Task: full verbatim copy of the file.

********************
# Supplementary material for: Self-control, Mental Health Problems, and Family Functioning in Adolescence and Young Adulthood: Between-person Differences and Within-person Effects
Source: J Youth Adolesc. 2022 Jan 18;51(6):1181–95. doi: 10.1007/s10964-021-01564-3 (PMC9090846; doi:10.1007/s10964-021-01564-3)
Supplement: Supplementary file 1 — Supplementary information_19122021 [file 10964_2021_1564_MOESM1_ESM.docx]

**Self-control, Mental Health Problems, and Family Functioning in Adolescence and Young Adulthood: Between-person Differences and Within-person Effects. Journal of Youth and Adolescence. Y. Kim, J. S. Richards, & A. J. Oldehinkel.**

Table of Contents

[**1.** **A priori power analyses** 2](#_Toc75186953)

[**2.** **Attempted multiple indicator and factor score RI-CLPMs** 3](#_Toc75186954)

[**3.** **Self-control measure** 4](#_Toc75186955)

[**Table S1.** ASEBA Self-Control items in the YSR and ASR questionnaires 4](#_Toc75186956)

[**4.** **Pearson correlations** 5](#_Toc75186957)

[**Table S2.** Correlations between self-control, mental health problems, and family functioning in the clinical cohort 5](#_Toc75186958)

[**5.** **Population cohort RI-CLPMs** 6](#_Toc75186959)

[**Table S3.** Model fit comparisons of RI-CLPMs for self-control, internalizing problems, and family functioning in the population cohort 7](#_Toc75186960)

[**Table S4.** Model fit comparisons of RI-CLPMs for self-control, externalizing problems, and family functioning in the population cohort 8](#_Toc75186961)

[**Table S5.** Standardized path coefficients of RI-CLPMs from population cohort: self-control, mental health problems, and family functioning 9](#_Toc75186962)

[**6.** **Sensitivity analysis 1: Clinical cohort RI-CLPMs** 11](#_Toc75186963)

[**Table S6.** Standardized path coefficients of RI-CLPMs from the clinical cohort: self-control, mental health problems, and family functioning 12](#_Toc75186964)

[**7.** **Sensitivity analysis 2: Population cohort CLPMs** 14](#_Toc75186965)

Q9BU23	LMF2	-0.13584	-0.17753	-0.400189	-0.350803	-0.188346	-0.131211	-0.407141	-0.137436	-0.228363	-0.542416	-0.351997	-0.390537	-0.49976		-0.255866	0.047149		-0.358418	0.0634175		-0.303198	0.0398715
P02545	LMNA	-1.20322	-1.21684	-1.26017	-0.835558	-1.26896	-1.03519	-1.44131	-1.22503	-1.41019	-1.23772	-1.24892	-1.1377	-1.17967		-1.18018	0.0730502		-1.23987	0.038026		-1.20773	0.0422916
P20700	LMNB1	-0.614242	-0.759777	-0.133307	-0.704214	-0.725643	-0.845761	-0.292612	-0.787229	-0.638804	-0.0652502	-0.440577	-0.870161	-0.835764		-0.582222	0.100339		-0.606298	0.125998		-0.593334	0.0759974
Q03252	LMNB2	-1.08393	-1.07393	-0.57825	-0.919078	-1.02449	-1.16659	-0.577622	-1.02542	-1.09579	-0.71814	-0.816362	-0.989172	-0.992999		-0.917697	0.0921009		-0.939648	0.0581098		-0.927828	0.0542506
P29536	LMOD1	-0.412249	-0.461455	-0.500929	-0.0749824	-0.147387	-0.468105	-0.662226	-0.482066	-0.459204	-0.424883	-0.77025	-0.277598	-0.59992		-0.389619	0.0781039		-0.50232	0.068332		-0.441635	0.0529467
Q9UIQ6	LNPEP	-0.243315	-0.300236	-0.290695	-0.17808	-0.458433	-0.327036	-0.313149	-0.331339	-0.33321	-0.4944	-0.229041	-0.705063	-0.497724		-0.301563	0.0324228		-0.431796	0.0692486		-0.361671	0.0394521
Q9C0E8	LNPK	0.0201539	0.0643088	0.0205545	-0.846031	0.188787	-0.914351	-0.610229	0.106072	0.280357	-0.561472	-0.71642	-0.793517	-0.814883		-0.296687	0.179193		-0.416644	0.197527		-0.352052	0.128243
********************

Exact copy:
# Supplementary material for: Self-control, Mental Health Problems, and Family Functioning in Adolescence and Young Adulthood: Between-person Differences and Within-person Effects
Source: J Youth Adolesc. 2022 Jan 18;51(6):1181–95. doi: 10.1007/s10964-021-01564-3 (PMC9090846; doi:10.1007/s10964-021-01564-3)
Supplement: Supplementary file 1 — Supplementary information_19122021 [file 10964_2021_1564_MOESM1_ESM.docx]

**Self-control, Mental Health Problems, and Family Functioning in Adolescence and Young Adulthood: Between-person Differences and Within-person Effects. Journal of Youth and Adolescence. Y. Kim, J. S. Richards, & A. J. Oldehinkel.**

Table of Contents

[**1.** **A priori power analyses** 2](#_Toc75186953)

[**2.** **Attempted multiple indicator and factor score RI-CLPMs** 3](#_Toc75186954)

[**3.** **Self-control measure** 4](#_Toc75186955)

[**Table S1.** ASEBA Self-Control items in the YSR and ASR questionnaires 4](#_Toc75186956)

[**4.** **Pearson correlations** 5](#_Toc75186957)

[**Table S2.** Correlations between self-control, mental health problems, and family functioning in the clinical cohort 5](#_Toc75186958)

[**5.** **Population cohort RI-CLPMs** 6](#_Toc75186959)

[**Table S3.** Model fit comparisons of RI-CLPMs for self-control, internalizing problems, and family functioning in the population cohort 7](#_Toc75186960)

[**Table S4.** Model fit comparisons of RI-CLPMs for self-control, externalizing problems, and family functioning in the population cohort 8](#_Toc75186961)

[**Table S5.** Standardized path coefficients of RI-CLPMs from population cohort: self-control, mental health problems, and family functioning 9](#_Toc75186962)

[**6.** **Sensitivity analysis 1: Clinical cohort RI-CLPMs** 11](#_Toc75186963)

[**Table S6.** Standardized path coefficients of RI-CLPMs from the clinical cohort: self-control, mental health problems, and family functioning 12](#_Toc75186964)

[**7.** **Sensitivity analysis 2: Population cohort CLPMs** 14](#_Toc75186965)

Q9BU23	LMF2	-0.13584	-0.17753	-0.400189	-0.350803	-0.188346	-0.131211	-0.407141	-0.137436	-0.228363	-0.542416	-0.351997	-0.390537	-0.49976		-0.255866	0.047149		-0.358418	0.0634175		-0.303198	0.0398715
P02545	LMNA	-1.20322	-1.21684	-1.26017	-0.835558	-1.26896	-1.03519	-1.44131	-1.22503	-1.41019	-1.23772	-1.24892	-1.1377	-1.17967		-1.18018	0.0730502		-1.23987	0.038026		-1.20773	0.0422916
P20700	LMNB1	-0.614242	-0.759777	-0.133307	-0.704214	-0.725643	-0.845761	-0.292612	-0.787229	-0.638804	-0.0652502	-0.440577	-0.870161	-0.835764		-0.582222	0.100339		-0.606298	0.125998		-0.593334	0.0759974
Q03252	LMNB2	-1.08393	-1.07393	-0.57825	-0.919078	-1.02449	-1.16659	-0.577622	-1.02542	-1.09579	-0.71814	-0.816362	-0.989172	-0.992999		-0.917697	0.0921009		-0.939648	0.0581098		-0.927828	0.0542506
P29536	LMOD1	-0.412249	-0.461455	-0.500929	-0.0749824	-0.147387	-0.468105	-0.662226	-0.482066	-0.459204	-0.424883	-0.77025	-0.277598	-0.59992		-0.389619	0.0781039		-0.50232	0.068332		-0.441635	0.0529467
Q9UIQ6	LNPEP	-0.243315	-0.300236	-0.290695	-0.17808	-0.458433	-0.327036	-0.313149	-0.331339	-0.33321	-0.4944	-0.229041	-0.705063	-0.497724		-0.301563	0.0324228		-0.431796	0.0692486		-0.361671	0.0394521
Q9C0E8	LNPK	0.0201539	0.0643088	0.0205545	-0.846031	0.188787	-0.914351	-0.610229	0.106072	0.280357	-0.561472	-0.71642	-0.793517	-0.814883		-0.296687	0.179193		-0.416644	0.197527		-0.352052	0.128243